Mike Simon, catcher for the 1909-1913 Pirates. He was a light-hitting minor leaguer for five seasons before being taken by the Boston Doves (Braves) in the 1908 Rule 5 draft. He was known more for his defense, which showed in his minor league averages over his early years. His available stats are very limited for his minor league time. He batted .250 over 47 games during his first season of pro ball in 1904 at 21 years old, while playing for Columbus of the Class-A American Association. He had two doubles and a triple, giving him a .296 slugging percentage. That was the highest level of the minors at the time, and a decent showing for a deadball era catcher, so it’s a bit surprising that it took him so long to make the majors afterwards. Part of the reason was that his offense slipped in the following seasons, while also playing at a lower level. He had a .202 average over 78 games for Peoria of the Class-B Three-I League in 1905. That was followed by a .215 average over 85 games in 1906 for Peoria. His 1907 season was split between Peoria and Cedar Rapids of the Three-I League. He batted .249 over 109 games that year. He batted .217 over 130 games for Cedar Rapids in 1908, which led to him being drafted by the Doves. Simon never played for Boston in the majors. The Doves sold him to the Pirates on March 1, 1909. He immediately became the backup catcher to George Gibson. That 1909 season saw Gibson play 150 games, which didn’t leave much playing time for Simon or the other backup catcher, Paddy O’Connor. Simon played just 12 games in his rookie season, going 3-for-18 at the plate, with two runs and two RBIs during that World Series winning season. He did not play during the World Series.
Simon received slightly more playing time in 1910, hitting .200/.216/.240 in 52 plate appearances over 22 games, with three runs and five RBIs. He tripled once that year, which was his only extra-base hit during his first two season. He got his first real chance to play in 1911, when Gibson “only” caught 98 games. Simon played 71 games in 1911, finishing with a .228 average, 19 runs, four doubles, three triples, 22 RBIs and a .550 OPS in 215 at-bats. He batted .301 during the 1912, season, but a new catcher named Bill Kelly emerged that year. He hit .318 in 48 games, leaving Simon with just 113 at-bats all year. He finished with ten runs, three extra-base hits, ten RBIs and a career best .667 OPS. Despite the lost playing time to a new catcher, Simon took over as the starting catcher in 1913. He hit .247 that year, with 23 runs, nine extra-base hits and 17 RBIs in 92 games behind the plate. He finished with a .579 OPS, which was well below league average, even for the deadball era. Following the 1913 season, the Federal League was formed to help players get a better salary by eliminating the reserve clause. Simon was one of many players to jump to the league. He played two seasons in the Federal League, and like many of the marginal players who jumped to the league, they didn’t have a Major League job when they tried to come back after the new league folded. It didn’t help that his production slipped off greatly in the new league. He was supposedly signing his contract with the Pirates in January of 1914, but on January 27th it was announced that he signed a three-year deal with Federal League officials, without a specific team being named. The next day, Pirates owner Barney Dreyfuss noted that Simon requested a raise to $3,000 for his 1914 salary. Dreyfuss met his terms, showing the agreed to contract that was never signed.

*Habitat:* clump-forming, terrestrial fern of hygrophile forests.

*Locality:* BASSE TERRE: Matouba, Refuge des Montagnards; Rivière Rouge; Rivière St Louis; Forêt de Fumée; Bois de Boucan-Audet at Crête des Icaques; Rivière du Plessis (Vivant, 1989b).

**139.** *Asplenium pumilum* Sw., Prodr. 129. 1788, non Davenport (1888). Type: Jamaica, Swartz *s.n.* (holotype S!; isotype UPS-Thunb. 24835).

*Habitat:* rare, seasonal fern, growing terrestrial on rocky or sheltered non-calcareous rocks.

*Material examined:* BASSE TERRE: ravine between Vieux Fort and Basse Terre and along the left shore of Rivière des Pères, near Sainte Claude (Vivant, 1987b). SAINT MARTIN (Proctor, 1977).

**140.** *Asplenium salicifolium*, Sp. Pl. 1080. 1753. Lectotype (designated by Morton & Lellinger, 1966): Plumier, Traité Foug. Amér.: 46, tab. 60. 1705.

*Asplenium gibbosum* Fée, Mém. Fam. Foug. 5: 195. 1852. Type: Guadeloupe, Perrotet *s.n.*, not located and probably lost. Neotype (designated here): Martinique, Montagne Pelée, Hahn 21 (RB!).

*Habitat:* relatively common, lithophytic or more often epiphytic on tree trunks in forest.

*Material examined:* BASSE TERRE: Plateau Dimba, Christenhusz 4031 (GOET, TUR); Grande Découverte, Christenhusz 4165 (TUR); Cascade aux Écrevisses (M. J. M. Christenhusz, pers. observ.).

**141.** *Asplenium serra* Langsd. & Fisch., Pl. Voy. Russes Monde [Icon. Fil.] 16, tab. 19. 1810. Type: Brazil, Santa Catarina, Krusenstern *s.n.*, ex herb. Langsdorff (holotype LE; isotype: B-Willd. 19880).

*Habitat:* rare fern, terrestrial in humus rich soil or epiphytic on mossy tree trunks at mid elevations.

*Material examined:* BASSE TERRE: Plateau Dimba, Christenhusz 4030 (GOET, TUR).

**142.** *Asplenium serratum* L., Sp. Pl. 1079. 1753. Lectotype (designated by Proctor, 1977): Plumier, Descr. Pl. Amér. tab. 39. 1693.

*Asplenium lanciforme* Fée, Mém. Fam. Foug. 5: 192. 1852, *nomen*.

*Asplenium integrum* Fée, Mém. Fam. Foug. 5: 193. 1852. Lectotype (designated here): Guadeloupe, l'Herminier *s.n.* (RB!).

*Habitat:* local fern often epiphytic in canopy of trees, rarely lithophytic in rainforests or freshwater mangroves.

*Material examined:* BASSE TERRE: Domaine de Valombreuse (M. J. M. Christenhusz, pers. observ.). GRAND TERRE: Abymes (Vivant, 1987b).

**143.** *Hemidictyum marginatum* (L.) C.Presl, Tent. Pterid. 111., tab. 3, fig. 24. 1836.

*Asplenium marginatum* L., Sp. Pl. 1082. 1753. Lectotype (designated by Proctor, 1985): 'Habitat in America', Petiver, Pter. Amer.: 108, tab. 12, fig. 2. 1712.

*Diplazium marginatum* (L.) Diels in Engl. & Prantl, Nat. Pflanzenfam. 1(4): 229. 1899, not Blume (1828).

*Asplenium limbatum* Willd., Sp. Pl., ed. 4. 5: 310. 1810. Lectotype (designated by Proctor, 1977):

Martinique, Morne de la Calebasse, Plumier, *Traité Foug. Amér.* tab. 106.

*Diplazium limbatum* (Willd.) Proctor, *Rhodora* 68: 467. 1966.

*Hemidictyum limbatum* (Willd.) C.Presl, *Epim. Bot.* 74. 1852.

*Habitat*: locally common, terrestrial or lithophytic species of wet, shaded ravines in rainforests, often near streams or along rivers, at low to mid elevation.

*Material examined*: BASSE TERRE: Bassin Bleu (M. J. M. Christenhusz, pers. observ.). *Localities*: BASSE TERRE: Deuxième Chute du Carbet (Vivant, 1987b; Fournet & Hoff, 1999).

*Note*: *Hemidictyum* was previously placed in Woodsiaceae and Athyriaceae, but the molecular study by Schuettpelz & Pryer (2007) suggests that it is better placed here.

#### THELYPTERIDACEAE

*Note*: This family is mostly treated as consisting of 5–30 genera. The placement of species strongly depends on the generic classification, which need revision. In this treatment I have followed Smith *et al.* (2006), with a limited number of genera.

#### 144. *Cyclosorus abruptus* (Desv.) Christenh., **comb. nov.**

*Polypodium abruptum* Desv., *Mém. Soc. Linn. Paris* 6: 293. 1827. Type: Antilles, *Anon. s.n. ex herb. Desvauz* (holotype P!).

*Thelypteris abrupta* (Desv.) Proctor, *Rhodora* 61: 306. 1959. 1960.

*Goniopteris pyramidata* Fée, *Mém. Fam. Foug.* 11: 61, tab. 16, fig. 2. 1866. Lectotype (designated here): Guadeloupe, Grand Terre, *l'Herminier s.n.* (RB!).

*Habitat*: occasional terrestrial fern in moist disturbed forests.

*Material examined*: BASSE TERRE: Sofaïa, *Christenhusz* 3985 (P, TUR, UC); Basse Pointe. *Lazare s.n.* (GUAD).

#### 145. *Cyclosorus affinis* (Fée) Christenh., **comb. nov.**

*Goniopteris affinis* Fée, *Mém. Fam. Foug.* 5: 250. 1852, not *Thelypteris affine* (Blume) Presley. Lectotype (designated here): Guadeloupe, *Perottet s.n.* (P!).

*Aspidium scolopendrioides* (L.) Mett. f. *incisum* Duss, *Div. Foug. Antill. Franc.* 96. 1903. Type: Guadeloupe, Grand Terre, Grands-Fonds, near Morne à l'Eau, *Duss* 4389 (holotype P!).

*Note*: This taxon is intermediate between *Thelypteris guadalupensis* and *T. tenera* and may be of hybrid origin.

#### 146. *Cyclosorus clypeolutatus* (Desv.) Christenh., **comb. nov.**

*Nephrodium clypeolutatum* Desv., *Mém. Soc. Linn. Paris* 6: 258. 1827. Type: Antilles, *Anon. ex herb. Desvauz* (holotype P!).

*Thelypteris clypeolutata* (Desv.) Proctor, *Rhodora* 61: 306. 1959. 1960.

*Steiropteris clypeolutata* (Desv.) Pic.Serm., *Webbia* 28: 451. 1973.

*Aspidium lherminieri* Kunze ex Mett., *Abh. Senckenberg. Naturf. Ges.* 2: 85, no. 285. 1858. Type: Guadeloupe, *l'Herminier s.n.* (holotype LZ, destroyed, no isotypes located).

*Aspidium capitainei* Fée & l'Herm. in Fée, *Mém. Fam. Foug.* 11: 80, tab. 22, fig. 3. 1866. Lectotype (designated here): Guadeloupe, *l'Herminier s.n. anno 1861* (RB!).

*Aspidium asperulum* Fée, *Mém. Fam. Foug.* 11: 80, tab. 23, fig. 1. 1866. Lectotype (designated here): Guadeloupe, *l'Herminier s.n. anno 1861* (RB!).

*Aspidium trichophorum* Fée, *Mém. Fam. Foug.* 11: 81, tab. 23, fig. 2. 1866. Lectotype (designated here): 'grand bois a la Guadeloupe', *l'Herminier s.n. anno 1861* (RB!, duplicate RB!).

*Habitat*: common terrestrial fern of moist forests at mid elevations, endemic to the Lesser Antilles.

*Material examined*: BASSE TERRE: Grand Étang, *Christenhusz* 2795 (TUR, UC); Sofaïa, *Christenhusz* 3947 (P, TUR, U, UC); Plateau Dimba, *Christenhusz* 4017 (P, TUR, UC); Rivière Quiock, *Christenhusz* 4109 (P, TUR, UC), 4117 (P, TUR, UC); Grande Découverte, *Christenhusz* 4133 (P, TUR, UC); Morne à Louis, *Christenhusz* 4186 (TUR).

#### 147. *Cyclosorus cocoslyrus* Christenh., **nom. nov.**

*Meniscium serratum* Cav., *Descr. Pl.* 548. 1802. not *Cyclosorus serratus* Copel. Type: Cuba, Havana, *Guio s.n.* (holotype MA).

Simon hit .207 in 1914, with 21 runs, 13 extra-base hits, 21 RBIs and a .523 OPS in 93 games for the St Louis Terriers. He then batted just .176 in 47 games for the Brooklyn Tip-Tops in 1915, finishing the year with seven runs, six extra-base hits, 12 RBIs and a .451 OPS. That was the end of his big league career. His pro career ended in the minors in 1917. He hit .244 in five seasons with the Pirates, hitting one homer in 239 games. He did not homer during either season in the Federal League. The lone career homer was an inside-the-park home run, and it came during one of his final games with Pittsburgh. Simon hit .321 over 125 games in 1916, after dropping down in competition during a return to the Three-I League with Bloomington. He batted just .224 in 89 games when he moved up to the Double-A Pacific Coast League with Vernon for his final season. All eight of his extra-base hits that year were doubles. His final big league stats show a .225 average in 379 games, with 85 runs, 39 extra-base hits and 89 RBIs. While his career WAR finished at -0.7, he had a 3.1 mark for dWAR, showing why he stayed around despite the low offense.